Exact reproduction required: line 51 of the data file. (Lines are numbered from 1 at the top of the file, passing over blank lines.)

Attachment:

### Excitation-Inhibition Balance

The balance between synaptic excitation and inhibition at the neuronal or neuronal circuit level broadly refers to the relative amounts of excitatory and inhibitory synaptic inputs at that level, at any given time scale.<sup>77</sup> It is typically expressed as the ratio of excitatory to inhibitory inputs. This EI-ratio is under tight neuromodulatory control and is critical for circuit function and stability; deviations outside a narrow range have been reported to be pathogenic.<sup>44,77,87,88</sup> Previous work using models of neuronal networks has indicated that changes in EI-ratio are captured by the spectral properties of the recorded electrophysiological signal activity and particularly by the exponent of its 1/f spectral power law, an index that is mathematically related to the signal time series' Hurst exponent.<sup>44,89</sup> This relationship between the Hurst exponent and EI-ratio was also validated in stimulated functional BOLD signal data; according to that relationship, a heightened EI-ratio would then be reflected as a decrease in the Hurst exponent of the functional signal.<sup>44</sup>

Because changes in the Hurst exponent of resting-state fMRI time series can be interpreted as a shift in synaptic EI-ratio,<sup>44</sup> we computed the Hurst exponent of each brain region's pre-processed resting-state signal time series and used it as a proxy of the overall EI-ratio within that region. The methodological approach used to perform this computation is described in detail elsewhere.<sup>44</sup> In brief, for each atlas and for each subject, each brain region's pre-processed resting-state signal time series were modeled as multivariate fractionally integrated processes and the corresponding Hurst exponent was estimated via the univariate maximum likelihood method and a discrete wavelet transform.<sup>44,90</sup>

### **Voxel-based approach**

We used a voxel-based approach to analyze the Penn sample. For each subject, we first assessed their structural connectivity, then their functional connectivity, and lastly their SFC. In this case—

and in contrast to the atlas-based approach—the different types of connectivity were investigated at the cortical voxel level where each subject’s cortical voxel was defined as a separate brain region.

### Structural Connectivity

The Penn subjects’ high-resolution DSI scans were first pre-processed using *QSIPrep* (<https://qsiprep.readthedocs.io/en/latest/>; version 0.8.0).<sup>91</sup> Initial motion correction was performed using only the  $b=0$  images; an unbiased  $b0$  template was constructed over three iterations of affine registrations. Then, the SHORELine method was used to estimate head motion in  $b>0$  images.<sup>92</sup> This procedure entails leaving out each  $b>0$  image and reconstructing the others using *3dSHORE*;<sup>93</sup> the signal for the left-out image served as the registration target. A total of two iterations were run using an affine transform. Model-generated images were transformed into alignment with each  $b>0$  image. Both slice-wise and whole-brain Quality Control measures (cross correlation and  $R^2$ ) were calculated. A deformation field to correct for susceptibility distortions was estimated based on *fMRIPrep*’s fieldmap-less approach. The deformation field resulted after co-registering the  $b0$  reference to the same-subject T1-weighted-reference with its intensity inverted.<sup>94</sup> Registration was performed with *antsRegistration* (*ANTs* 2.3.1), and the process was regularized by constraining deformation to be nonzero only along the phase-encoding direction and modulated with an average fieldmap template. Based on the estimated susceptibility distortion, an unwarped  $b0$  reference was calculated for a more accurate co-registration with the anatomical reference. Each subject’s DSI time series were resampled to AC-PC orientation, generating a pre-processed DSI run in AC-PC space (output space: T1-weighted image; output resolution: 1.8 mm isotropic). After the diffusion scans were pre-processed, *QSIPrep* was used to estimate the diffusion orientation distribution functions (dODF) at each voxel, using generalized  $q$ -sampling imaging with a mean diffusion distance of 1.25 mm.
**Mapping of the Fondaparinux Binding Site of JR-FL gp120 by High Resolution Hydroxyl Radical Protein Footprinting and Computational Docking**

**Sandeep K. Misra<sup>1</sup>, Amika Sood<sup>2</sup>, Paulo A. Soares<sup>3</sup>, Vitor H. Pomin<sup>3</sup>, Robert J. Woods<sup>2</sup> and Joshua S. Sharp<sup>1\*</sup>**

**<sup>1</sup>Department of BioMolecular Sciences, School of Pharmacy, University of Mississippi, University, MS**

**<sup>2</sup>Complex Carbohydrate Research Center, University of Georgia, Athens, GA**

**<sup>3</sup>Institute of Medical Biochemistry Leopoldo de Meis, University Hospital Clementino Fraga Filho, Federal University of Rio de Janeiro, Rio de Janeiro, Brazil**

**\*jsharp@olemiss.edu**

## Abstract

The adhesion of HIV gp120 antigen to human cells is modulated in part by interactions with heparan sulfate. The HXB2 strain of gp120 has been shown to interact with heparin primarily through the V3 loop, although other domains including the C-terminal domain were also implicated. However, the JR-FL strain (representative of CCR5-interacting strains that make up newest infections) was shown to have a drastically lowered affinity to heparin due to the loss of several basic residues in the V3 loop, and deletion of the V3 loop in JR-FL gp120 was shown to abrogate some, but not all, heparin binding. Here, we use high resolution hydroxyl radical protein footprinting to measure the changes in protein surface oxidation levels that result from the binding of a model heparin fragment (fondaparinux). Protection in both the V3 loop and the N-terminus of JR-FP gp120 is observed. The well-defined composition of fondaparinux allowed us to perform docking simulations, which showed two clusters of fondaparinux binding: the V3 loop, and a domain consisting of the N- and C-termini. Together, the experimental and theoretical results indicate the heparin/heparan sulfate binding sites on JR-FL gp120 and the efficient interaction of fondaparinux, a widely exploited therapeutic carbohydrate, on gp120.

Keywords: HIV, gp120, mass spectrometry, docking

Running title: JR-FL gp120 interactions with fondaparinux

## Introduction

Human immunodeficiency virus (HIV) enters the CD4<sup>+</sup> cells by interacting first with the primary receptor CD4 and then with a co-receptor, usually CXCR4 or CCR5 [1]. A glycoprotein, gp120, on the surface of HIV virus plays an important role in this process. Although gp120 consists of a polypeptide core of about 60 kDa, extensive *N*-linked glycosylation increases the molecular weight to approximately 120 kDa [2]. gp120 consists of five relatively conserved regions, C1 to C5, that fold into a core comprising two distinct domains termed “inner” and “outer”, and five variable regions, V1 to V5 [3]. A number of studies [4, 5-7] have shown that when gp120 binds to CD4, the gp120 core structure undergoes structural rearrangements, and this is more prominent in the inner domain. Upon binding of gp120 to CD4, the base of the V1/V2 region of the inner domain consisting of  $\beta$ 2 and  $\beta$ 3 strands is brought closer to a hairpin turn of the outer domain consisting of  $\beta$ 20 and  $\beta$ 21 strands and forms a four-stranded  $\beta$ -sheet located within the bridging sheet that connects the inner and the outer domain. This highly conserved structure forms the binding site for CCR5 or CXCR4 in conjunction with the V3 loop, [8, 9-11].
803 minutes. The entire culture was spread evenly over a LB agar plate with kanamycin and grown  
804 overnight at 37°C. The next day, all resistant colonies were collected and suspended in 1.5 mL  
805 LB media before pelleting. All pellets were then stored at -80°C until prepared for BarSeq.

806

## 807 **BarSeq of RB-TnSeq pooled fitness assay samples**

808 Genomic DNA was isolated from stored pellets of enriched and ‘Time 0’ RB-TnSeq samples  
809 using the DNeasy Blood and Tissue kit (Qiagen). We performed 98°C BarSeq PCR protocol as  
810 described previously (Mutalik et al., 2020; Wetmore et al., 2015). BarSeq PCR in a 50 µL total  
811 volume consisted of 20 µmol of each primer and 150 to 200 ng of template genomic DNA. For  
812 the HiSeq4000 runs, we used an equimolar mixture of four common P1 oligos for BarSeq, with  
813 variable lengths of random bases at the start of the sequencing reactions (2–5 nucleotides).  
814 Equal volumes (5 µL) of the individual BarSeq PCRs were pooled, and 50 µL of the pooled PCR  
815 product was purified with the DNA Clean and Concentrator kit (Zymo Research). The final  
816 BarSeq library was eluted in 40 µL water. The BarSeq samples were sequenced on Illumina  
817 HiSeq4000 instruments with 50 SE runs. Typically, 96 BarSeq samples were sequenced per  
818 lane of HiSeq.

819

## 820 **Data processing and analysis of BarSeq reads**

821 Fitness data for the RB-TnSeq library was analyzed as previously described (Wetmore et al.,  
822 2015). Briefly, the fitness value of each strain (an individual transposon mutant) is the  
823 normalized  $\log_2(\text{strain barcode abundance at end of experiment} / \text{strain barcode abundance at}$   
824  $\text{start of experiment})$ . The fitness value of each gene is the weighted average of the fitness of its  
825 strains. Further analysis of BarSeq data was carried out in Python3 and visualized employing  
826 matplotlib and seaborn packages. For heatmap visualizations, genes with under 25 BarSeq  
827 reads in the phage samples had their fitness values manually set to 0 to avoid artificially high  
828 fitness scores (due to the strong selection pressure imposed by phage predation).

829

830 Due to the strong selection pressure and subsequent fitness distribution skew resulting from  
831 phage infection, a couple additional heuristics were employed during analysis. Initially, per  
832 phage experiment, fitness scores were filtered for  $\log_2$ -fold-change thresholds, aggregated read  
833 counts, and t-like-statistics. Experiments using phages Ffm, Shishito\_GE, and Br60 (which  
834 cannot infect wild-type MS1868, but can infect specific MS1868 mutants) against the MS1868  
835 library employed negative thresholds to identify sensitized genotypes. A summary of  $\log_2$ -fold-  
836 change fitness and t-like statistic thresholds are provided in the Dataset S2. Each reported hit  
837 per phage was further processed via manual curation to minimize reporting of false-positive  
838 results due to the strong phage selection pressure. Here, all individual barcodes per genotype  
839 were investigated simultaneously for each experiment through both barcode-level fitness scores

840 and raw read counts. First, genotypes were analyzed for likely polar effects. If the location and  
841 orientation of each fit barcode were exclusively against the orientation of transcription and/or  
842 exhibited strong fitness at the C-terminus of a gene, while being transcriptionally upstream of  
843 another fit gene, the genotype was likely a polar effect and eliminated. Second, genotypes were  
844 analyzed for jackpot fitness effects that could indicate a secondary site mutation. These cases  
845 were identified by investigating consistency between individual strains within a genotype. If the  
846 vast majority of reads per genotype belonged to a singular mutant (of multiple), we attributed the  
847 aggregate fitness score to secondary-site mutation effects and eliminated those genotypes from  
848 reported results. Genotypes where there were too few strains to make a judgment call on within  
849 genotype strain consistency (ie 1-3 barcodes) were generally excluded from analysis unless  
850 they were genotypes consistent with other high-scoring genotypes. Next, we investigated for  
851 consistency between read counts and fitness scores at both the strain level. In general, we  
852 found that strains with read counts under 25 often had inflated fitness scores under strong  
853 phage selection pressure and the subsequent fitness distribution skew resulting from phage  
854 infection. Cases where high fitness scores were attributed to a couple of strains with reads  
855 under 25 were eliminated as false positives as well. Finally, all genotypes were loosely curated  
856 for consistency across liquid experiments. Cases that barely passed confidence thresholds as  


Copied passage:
833 counts, and t-like-statistics. Experiments using phages Ffm, Shishito\_GE, and Br60 (which  